In the mid-1980s, Darius Gray, a leading Black Latter-day Saint, met Don Harwell in the parking lot of an Allied store in Murray.
Because seeing another Black man in the mostly white suburbs of Salt Lake City was rare at the time, Gray strolled over to introduce himself and chat. They soon discovered both were members of The Church of Jesus Christ of Latter-day Saints — a serendipitous meeting that would launch a decades-long friendship and influence generations of the church’s Black members.
And one of Harwell’s grandsons is named for his friend — Darius.
Gray wept at the news that Harwell, an amiable, laid-back, generous soul, had died Saturday of complications from heart surgery. He was 75.
“One of the many beauties of Don was that what you saw, you got. He was a man truly without guile,” Gray said. “He worked hard. He loved deeply and cared deeply. He was a marvelous leader and marvelous friend.”
The two were part of a Black Mormon brotherhood that would get together on a monthly basis, he said. “Don was not flamboyant, not ego driven, but always there.”
Gray was among the founders of the leadership of the Genesis Group, created in 1971 to support the faith’s Black men and women during the time of the priesthood-temple ban on members of African descent. After the prohibition ended in 1978, Genesis went dormant for a while, but was resuscitated in the late 1990s.
It functioned as quasi-branch, or congregation, with a three-man presidency, where Black members could meet monthly with others who looked like them, shared their frustrations, their faith and their animated worship style (complete with shouted “amens,” applause and exuberant praise hymns).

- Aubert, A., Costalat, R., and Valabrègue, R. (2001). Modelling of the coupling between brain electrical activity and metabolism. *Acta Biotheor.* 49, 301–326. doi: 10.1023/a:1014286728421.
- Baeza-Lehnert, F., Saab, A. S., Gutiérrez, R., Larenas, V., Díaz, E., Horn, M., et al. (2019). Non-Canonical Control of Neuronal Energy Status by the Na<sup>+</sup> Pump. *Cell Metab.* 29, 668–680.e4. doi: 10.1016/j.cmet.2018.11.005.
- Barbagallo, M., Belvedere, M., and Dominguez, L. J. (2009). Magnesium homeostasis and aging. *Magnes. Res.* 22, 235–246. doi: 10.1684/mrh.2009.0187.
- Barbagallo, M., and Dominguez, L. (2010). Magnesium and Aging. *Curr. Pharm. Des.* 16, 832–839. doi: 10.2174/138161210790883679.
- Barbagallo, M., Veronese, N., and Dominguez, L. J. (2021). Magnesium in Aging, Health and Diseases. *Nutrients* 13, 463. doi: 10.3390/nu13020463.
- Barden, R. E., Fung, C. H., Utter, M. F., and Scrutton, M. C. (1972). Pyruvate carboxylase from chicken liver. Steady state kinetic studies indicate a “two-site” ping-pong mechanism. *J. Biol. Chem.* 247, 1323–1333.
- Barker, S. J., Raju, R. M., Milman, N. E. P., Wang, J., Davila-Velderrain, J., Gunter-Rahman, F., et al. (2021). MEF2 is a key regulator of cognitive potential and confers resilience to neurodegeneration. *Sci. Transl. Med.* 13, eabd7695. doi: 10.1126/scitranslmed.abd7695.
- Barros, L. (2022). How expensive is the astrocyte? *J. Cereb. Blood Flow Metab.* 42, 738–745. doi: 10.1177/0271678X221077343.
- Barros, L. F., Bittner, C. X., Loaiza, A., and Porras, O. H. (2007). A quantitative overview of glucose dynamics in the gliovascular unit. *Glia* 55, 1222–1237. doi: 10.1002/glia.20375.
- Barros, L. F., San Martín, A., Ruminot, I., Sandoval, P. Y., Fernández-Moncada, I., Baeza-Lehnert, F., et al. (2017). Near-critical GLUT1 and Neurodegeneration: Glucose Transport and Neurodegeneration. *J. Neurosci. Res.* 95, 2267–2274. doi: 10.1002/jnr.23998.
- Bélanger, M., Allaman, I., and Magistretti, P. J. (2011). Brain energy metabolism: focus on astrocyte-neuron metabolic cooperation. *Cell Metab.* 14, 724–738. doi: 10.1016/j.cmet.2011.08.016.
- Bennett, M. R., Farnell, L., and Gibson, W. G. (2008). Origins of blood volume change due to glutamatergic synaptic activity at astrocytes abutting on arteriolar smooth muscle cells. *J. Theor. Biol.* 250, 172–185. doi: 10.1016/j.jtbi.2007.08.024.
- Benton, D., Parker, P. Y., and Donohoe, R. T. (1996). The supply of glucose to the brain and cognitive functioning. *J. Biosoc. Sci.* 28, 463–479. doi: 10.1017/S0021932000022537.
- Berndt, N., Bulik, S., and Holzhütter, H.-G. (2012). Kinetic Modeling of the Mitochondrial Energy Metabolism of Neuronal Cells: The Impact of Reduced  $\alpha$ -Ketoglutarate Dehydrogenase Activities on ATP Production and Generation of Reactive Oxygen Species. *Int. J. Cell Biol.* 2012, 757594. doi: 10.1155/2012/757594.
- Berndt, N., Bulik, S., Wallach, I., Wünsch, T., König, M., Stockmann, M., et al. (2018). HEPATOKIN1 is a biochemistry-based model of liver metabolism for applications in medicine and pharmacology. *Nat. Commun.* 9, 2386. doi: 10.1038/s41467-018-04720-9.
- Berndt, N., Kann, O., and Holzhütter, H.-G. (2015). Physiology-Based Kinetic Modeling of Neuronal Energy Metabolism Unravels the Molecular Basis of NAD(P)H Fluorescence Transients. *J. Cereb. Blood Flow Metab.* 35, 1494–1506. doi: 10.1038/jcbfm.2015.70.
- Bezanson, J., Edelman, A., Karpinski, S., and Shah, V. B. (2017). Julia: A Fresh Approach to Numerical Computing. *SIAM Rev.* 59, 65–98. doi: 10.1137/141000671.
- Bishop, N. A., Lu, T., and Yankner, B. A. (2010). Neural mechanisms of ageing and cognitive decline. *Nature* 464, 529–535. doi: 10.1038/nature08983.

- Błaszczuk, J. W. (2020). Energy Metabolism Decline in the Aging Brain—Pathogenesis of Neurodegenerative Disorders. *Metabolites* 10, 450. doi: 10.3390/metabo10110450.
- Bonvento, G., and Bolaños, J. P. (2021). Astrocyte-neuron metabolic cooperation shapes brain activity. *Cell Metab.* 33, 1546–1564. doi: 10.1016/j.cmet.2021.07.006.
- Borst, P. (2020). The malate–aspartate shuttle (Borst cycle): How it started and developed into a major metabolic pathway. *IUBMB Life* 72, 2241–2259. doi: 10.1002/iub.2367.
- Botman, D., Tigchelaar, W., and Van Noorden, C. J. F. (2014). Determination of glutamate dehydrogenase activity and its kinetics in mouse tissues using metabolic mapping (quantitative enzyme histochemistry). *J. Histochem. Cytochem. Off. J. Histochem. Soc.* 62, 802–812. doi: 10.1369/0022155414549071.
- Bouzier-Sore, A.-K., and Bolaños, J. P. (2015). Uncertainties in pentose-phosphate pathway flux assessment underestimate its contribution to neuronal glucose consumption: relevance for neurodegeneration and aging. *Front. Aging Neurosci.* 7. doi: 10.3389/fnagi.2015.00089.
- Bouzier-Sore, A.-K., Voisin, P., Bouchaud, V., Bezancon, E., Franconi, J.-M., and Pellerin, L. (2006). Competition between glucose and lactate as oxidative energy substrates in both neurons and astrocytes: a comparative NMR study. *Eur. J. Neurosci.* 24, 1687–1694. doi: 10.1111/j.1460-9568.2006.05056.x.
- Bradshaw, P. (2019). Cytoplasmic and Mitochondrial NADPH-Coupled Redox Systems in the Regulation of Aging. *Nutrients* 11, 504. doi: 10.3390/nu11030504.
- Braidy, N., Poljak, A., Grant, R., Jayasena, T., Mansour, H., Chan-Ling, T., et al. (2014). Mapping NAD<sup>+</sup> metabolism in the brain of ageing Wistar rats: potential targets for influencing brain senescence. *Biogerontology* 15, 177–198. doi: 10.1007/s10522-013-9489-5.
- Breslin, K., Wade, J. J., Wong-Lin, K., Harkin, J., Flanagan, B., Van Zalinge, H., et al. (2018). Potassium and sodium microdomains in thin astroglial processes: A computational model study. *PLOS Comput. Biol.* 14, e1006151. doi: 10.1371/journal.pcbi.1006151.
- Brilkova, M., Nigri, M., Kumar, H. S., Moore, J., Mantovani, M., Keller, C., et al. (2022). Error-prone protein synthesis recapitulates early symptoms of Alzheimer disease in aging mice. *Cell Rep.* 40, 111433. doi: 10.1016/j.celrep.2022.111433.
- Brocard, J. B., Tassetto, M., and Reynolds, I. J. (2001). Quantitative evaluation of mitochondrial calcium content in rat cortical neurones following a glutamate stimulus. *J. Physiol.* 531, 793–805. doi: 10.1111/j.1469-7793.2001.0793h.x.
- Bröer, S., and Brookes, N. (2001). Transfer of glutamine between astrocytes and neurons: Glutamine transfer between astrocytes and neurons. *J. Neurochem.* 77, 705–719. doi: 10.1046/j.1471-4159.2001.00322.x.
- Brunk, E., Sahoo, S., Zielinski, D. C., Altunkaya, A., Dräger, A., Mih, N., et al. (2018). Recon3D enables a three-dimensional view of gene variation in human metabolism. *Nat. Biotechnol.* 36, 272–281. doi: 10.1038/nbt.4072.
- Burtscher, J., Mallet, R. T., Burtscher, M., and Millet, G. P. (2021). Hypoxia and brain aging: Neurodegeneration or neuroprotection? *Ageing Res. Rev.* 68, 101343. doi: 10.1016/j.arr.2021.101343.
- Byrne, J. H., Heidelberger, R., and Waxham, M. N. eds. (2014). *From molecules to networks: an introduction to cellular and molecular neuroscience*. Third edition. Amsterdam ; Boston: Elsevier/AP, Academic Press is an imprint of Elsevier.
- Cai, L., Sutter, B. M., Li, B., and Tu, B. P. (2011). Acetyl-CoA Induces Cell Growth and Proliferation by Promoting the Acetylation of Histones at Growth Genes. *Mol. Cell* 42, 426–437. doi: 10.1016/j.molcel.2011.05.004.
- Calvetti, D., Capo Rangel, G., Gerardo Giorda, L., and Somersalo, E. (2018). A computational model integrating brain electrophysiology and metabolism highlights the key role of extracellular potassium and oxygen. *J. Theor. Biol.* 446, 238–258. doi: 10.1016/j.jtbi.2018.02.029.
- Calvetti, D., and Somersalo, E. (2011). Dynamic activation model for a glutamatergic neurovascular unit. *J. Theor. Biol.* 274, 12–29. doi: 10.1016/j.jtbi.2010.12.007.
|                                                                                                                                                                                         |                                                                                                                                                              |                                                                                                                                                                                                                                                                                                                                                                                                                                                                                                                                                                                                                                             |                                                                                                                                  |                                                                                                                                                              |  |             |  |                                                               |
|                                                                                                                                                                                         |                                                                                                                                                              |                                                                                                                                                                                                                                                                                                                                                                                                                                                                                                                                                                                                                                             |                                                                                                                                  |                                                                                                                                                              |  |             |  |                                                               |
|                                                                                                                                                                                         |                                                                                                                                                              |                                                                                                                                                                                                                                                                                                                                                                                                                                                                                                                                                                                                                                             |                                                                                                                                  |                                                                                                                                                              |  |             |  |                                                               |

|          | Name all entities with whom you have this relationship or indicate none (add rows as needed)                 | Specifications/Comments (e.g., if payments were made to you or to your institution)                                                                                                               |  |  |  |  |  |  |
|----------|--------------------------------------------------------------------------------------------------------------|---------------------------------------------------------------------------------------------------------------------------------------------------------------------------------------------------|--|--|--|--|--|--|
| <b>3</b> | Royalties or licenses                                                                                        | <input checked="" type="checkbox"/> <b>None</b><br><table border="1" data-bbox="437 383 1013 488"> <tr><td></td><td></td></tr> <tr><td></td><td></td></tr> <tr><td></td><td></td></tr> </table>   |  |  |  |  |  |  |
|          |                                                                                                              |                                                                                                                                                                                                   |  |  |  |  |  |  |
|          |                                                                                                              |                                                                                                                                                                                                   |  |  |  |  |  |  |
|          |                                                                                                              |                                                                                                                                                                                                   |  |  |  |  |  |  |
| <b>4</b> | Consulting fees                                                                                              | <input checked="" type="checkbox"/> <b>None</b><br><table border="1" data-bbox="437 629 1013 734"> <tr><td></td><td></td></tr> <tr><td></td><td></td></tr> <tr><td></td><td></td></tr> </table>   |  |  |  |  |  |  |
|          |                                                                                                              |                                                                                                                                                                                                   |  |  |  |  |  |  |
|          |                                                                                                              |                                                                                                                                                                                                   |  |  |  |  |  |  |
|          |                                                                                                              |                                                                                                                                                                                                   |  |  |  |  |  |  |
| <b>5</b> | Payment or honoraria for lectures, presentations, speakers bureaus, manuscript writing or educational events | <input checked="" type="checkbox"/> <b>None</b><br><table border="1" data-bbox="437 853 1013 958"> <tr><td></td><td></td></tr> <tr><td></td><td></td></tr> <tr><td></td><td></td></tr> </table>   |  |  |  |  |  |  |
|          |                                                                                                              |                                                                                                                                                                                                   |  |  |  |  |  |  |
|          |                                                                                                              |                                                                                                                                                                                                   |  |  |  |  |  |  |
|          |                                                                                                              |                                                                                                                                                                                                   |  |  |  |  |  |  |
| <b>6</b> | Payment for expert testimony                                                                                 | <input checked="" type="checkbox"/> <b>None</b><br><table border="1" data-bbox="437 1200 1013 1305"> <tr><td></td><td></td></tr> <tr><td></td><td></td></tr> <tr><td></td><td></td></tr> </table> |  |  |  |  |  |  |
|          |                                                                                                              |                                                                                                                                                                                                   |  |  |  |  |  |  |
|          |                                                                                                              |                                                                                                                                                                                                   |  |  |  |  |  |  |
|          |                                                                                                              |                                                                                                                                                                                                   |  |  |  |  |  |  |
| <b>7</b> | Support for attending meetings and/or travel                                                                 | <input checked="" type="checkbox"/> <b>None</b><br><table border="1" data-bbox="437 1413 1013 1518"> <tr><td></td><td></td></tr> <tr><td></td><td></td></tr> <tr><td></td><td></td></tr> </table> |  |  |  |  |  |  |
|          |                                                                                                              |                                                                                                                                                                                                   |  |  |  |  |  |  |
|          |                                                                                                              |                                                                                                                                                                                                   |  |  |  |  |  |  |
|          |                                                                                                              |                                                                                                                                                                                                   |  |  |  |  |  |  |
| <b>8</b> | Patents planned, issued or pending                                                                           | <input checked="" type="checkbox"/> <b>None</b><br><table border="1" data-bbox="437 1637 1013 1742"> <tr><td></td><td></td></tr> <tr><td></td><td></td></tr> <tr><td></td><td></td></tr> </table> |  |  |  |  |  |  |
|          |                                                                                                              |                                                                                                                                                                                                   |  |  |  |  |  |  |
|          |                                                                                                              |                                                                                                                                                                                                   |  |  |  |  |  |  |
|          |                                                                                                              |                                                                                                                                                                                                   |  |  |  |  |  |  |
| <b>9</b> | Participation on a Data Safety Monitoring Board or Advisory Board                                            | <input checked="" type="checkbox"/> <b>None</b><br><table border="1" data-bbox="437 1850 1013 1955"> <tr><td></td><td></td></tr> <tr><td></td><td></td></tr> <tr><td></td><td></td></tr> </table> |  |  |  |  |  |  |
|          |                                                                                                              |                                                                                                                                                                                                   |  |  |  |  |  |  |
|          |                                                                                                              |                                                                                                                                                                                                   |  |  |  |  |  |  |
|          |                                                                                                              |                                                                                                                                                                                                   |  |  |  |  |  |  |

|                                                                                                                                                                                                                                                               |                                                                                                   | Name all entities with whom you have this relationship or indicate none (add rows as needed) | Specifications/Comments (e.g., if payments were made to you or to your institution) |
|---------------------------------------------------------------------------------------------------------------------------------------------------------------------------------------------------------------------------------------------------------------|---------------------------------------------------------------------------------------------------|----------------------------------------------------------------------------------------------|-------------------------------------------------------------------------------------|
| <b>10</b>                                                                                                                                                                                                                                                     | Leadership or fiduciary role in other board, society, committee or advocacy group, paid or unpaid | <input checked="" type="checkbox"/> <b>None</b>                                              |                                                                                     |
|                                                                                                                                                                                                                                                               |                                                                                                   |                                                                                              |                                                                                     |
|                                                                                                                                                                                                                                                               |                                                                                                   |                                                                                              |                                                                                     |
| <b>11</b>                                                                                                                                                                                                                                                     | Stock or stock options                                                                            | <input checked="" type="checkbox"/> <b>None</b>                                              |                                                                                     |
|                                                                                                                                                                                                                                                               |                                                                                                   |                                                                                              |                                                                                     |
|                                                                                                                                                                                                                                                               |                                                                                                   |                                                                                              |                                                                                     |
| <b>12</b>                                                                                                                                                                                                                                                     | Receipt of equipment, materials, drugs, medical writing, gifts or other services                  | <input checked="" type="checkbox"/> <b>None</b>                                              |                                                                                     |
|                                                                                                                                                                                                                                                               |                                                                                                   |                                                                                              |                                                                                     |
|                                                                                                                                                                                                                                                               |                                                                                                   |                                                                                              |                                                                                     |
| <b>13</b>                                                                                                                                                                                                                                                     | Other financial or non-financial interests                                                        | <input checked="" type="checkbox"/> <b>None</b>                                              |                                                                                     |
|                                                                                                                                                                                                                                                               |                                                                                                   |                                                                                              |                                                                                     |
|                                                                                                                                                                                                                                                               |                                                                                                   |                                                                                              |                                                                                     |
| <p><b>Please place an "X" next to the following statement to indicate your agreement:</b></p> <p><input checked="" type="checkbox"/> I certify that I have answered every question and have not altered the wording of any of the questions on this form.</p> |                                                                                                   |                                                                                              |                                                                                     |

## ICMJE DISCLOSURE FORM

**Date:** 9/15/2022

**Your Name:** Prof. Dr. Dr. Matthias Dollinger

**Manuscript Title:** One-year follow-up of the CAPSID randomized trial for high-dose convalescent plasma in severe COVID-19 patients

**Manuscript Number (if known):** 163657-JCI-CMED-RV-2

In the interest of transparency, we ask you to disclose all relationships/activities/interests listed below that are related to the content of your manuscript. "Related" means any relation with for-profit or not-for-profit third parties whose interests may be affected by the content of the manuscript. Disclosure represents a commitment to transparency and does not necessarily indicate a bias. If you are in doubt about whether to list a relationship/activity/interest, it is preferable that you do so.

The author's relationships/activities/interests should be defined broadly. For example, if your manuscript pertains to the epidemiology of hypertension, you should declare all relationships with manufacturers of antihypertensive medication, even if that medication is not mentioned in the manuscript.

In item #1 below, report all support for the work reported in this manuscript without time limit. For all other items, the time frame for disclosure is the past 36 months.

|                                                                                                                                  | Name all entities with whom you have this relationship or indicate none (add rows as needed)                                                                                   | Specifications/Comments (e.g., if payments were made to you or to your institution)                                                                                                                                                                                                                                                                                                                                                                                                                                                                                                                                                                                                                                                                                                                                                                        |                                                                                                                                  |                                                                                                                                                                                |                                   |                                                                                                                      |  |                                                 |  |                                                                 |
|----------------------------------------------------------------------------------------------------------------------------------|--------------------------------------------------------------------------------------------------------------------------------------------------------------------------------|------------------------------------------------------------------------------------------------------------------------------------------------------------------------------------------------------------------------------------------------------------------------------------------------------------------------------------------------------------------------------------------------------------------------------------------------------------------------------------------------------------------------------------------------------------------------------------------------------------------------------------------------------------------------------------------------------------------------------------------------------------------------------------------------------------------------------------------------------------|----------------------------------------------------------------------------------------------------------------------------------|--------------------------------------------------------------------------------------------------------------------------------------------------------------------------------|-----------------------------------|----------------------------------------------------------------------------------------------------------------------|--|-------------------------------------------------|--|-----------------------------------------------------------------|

In 1997, co-founder Ruffin Bridgeforth was tapped to return as president (though he died soon after), with Gray and Harwell as his counselors. Gray assumed the presidency as the congregation quadrupled in size and was released in 2003. Harwell took over and served until his release in 2018 — amassing more than 20 years in Genesis leadership, including 15 as president.
Harwell was “a fixture in my life for over 20 years,” Tekulve Jackson-Vann, a marriage and family therapist, said Sunday. “He was not only a spiritual father to me but a mentor and friend. He was living church history, and his passing ends an era of church service that has blessed so many.”
He made everyone feel welcome from the start, said Cathy Stokes, a retired public health professional.
“When he reached his hand out to shake yours, you knew you were part of that community and immediately at ease,” Stokes said. “No one was a stranger.”
Donald Lyle Harwell and his twin brother, Ronald, were born Jan. 19, 1946, in Los Angeles and spent most of his youth and formative years in Southern California.
After high school, Harwell played college football at several schools, including Northern Arizona University, the family wrote in his obituary, “but he didn’t like the coach and left.”
Within two weeks of departing college, Harwell and his twin were drafted, the obituary stated, his brother went to Vietnam, and Don went to Germany, where he “taught swimming, played baseball, basketball, football, was a lifeguard, and raced cars (a Lotus).”
After the Army, Harwell had several jobs, including building aquarium stands. Eventually, he settled into selling electronic parts for computers with PowerStream.
Though reared as a Catholic, he joined the LDS Church in 1983 and moved to Utah.
His future wife, Jerri Harwell, first saw him at a Genesis meeting, though they officially met at Brigham Young University, where she was a student.